Bill: (18:25) Oh, man, of course. I mean, but if you think, let's talk about when I got into the business 30 years ago. Interest rates, you could buy long-term government bonds at 14% when the government was, when the Fed was pursuing exactly the policies to make the money good and the people didn't want them. You got another bite of that apple in 1984, when they backed rates up to about 12 after the Fed had loosened up and the people starting to, inflation was coming back. Those were wonderful opportunities to me. I mean, when you look at it now who’d have ever thought you’d see that. And of course once you saw that, and you saw stocks priced eight times earnings paying 5% dividend yields, and the earnings and multiples were on depressed earnings, you know, who would've thought that 20 years later and we’d have the NASDAQ craze. You know, look at the Japanese bubble. We’ve had the exceptions that you might be referring to as sort of becoming the rule and I think that's because, again we been on this confetti standard and as you get further down the road, and things get more and more, get crazier and crazier and more out of control, these five standard deviations of events Every six months instead of every 70,000 years or whatever it’s supposed to be.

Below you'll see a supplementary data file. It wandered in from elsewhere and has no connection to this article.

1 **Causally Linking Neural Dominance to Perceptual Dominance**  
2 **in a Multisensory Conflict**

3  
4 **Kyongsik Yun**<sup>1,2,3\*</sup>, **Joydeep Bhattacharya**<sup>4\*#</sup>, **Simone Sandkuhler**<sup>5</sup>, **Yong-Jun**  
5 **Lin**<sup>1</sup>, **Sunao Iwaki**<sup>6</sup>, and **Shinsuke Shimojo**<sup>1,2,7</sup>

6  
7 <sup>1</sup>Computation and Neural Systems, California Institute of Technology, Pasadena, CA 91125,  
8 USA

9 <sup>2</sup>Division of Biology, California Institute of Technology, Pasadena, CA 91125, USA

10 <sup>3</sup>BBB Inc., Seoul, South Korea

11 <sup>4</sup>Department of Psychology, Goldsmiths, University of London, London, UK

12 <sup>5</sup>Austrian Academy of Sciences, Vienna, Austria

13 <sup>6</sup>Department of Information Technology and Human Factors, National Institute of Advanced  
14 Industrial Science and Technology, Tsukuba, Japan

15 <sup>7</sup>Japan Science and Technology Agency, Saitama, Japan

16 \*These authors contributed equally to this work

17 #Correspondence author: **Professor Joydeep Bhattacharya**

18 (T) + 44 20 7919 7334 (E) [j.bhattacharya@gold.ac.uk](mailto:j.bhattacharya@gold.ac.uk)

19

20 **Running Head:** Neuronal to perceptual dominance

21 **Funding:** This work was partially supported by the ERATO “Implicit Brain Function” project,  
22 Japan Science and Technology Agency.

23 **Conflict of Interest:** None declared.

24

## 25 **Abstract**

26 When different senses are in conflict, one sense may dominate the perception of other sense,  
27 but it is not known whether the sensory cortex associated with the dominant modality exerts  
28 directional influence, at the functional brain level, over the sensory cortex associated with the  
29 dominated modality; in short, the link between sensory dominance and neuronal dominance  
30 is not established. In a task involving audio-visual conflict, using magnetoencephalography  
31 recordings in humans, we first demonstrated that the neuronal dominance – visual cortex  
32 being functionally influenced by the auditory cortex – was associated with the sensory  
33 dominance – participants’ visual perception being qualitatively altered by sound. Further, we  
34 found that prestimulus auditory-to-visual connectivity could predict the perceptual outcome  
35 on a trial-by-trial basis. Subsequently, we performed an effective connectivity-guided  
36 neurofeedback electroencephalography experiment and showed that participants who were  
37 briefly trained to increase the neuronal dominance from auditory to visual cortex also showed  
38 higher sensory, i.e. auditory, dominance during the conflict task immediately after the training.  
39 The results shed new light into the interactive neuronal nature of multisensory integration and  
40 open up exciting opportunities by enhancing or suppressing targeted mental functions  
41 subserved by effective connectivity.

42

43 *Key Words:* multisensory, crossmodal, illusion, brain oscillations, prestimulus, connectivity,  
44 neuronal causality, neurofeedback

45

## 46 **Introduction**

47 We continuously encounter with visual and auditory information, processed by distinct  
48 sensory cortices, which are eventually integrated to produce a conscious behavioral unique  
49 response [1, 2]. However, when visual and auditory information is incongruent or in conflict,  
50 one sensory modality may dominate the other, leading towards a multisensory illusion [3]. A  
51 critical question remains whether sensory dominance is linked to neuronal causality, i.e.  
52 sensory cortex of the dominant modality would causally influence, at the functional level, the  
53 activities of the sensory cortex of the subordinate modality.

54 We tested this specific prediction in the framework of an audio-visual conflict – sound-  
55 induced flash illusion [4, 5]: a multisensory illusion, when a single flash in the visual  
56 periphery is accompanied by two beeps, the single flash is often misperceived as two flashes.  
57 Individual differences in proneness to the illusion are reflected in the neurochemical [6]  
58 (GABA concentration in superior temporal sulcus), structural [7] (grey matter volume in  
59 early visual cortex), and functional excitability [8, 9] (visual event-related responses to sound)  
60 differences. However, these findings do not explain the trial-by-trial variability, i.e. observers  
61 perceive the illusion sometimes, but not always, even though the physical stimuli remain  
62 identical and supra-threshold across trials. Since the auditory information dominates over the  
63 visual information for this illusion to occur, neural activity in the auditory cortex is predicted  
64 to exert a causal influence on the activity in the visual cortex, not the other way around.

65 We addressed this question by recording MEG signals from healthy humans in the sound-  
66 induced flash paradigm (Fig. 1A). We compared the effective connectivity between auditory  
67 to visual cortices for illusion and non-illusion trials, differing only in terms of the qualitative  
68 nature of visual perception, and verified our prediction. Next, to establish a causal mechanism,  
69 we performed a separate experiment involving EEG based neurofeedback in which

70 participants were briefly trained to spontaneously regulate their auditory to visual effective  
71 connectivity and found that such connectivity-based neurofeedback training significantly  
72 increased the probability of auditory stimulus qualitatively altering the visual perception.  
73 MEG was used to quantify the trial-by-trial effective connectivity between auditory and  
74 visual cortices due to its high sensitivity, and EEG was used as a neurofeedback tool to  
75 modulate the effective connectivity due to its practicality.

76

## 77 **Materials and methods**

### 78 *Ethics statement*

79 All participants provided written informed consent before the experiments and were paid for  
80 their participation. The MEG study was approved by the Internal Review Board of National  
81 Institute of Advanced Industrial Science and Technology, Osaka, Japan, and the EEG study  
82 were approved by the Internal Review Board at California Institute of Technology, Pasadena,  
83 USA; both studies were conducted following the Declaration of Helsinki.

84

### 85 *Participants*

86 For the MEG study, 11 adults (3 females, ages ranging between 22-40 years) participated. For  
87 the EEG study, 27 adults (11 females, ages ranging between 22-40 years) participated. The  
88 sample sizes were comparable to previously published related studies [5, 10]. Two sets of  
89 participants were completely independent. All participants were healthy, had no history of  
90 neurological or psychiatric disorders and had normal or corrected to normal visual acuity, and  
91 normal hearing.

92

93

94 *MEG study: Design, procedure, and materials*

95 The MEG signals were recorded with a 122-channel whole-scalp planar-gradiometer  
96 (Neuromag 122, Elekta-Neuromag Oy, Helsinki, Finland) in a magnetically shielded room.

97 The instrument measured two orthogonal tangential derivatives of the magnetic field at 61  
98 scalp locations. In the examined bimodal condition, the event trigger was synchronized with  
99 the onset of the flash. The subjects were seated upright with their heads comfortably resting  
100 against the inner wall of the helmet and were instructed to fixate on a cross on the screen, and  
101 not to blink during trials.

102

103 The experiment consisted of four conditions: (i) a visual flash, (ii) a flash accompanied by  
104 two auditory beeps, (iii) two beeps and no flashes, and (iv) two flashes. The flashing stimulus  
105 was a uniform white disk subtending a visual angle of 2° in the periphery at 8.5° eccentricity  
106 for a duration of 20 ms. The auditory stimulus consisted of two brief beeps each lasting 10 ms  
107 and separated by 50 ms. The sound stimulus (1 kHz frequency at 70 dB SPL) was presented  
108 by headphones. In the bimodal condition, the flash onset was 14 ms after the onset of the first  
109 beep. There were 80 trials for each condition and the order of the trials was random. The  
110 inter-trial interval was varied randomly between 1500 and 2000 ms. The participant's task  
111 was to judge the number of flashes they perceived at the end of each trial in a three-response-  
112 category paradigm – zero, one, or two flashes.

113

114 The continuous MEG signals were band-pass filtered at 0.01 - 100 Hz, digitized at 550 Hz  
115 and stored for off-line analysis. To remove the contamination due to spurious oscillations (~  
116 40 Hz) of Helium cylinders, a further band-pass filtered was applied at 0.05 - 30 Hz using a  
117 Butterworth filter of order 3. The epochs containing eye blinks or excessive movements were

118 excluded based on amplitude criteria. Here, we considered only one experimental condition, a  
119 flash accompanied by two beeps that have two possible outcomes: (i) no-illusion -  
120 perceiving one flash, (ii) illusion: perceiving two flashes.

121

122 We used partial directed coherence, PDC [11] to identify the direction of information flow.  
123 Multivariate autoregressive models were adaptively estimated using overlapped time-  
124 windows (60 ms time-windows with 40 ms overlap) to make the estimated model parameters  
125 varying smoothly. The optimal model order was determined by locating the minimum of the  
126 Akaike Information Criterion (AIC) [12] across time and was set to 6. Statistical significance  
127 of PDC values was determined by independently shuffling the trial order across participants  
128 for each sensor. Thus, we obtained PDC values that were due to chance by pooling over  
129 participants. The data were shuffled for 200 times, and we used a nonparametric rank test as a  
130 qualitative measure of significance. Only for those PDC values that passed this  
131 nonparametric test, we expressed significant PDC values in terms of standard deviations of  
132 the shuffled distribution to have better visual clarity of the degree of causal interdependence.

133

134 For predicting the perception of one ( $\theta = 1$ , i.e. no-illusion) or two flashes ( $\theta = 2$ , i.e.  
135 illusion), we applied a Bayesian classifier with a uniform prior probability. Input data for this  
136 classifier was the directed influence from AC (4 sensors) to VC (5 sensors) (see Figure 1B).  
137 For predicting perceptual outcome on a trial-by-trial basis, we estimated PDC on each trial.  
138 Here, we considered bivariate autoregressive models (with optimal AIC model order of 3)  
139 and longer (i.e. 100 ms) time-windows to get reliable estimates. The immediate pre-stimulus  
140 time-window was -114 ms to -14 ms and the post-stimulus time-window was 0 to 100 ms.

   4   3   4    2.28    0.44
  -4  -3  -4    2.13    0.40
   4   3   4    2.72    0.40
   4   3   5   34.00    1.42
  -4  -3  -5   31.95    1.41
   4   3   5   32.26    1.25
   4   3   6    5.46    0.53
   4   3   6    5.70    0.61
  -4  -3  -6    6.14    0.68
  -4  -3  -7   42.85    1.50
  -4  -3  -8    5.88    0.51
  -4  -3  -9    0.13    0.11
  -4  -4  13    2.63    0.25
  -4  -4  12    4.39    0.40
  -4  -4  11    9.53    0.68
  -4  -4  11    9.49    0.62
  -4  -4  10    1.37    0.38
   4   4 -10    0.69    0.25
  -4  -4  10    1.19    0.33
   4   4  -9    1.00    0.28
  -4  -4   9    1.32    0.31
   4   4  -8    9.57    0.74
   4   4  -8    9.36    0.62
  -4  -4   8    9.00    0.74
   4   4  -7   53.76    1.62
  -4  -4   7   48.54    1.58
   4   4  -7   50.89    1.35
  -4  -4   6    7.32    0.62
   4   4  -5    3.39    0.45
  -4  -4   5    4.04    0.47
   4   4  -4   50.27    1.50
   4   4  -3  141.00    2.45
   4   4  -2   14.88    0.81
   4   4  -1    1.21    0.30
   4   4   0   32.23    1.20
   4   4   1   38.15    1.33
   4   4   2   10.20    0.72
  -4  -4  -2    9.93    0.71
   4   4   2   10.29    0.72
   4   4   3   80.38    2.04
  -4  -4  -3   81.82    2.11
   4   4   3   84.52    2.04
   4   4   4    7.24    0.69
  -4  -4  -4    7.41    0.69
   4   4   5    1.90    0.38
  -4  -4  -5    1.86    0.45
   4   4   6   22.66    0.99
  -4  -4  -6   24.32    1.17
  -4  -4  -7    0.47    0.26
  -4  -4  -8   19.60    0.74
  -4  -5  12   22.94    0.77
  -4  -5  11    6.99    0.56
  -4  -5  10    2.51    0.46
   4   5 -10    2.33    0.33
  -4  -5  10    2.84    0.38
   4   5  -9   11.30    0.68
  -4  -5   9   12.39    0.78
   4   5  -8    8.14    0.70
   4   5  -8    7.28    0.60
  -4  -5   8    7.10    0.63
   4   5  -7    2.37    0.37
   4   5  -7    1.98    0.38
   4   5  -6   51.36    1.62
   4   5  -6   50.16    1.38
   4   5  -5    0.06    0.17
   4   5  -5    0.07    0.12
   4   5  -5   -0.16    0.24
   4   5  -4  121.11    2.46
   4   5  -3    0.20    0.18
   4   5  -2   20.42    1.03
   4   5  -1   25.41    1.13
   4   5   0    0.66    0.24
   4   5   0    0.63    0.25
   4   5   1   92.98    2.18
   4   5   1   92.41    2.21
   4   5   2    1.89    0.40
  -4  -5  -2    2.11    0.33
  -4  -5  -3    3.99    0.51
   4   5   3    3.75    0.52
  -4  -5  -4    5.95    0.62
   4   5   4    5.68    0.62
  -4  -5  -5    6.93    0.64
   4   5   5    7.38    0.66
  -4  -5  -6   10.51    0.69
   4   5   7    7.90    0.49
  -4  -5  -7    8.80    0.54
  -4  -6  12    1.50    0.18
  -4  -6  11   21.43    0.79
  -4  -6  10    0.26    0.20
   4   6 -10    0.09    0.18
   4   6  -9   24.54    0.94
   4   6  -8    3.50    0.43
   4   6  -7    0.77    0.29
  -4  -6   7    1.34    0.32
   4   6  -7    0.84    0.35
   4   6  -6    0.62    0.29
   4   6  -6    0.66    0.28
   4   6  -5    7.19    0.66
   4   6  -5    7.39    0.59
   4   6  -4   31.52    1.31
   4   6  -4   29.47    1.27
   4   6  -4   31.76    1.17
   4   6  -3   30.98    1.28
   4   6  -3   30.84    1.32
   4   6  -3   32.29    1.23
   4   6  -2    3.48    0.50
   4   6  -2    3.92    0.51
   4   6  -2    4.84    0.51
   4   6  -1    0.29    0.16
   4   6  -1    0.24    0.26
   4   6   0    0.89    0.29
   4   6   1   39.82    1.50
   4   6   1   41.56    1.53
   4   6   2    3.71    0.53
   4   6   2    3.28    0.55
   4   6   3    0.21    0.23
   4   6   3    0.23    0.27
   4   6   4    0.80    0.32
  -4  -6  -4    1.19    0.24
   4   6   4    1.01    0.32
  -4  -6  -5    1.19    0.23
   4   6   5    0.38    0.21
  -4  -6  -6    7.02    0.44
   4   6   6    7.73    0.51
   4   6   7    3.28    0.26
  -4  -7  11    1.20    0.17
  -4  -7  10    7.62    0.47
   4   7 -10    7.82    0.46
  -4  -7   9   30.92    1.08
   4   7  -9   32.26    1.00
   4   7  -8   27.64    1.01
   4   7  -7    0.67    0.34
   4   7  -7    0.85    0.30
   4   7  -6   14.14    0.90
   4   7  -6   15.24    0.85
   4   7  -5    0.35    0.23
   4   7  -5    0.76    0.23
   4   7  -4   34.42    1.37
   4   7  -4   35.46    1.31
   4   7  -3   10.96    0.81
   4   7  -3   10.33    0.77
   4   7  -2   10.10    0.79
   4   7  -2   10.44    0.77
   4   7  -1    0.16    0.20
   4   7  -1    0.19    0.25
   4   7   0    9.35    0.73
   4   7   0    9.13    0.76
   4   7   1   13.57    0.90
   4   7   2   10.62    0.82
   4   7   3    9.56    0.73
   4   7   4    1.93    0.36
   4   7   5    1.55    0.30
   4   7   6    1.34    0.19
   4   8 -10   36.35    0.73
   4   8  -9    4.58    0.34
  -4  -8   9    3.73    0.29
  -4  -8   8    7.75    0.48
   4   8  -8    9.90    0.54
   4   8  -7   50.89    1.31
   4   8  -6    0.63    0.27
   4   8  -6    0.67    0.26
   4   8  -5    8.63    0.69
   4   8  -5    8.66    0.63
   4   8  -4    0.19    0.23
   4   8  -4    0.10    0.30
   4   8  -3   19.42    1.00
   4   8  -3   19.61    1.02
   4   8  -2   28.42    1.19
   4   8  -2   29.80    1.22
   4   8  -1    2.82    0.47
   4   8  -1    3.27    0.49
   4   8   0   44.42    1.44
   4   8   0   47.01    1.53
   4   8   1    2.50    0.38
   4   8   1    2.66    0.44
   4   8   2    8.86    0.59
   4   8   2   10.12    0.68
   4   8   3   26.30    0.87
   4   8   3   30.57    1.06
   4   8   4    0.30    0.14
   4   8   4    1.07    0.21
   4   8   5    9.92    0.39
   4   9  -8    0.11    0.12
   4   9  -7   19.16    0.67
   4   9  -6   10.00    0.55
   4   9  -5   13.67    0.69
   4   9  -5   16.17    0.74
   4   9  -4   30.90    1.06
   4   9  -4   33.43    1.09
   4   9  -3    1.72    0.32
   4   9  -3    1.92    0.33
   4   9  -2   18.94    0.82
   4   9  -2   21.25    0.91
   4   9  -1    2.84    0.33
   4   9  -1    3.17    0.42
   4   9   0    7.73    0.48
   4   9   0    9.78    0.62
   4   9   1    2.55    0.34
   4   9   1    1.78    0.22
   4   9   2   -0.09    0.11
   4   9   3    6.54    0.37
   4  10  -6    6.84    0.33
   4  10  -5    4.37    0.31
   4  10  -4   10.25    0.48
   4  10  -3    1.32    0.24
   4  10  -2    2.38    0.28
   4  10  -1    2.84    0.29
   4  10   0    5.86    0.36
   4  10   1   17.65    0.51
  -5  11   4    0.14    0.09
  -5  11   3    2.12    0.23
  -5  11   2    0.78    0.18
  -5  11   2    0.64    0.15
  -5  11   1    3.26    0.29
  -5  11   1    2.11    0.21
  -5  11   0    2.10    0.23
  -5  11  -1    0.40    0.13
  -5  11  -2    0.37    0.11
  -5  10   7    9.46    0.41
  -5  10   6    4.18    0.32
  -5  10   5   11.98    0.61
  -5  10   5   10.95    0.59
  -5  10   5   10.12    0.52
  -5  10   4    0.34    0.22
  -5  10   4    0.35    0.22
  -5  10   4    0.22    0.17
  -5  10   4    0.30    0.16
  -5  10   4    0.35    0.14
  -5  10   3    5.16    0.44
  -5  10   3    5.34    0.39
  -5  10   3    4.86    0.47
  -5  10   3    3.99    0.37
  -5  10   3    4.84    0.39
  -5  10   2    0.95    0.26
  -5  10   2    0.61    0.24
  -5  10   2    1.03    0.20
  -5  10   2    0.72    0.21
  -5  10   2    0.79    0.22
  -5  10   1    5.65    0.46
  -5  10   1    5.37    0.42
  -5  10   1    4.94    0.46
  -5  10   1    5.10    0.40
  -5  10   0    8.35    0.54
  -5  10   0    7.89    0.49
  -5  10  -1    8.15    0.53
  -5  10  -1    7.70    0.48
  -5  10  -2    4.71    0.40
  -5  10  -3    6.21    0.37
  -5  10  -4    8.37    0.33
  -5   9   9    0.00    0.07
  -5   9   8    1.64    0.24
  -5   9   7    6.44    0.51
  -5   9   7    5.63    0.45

Jim: (19:38) Investment has always been about, to be successful, being one step ahead of the game. What unanticipated or unexpected events could you perceive playing out in the near future?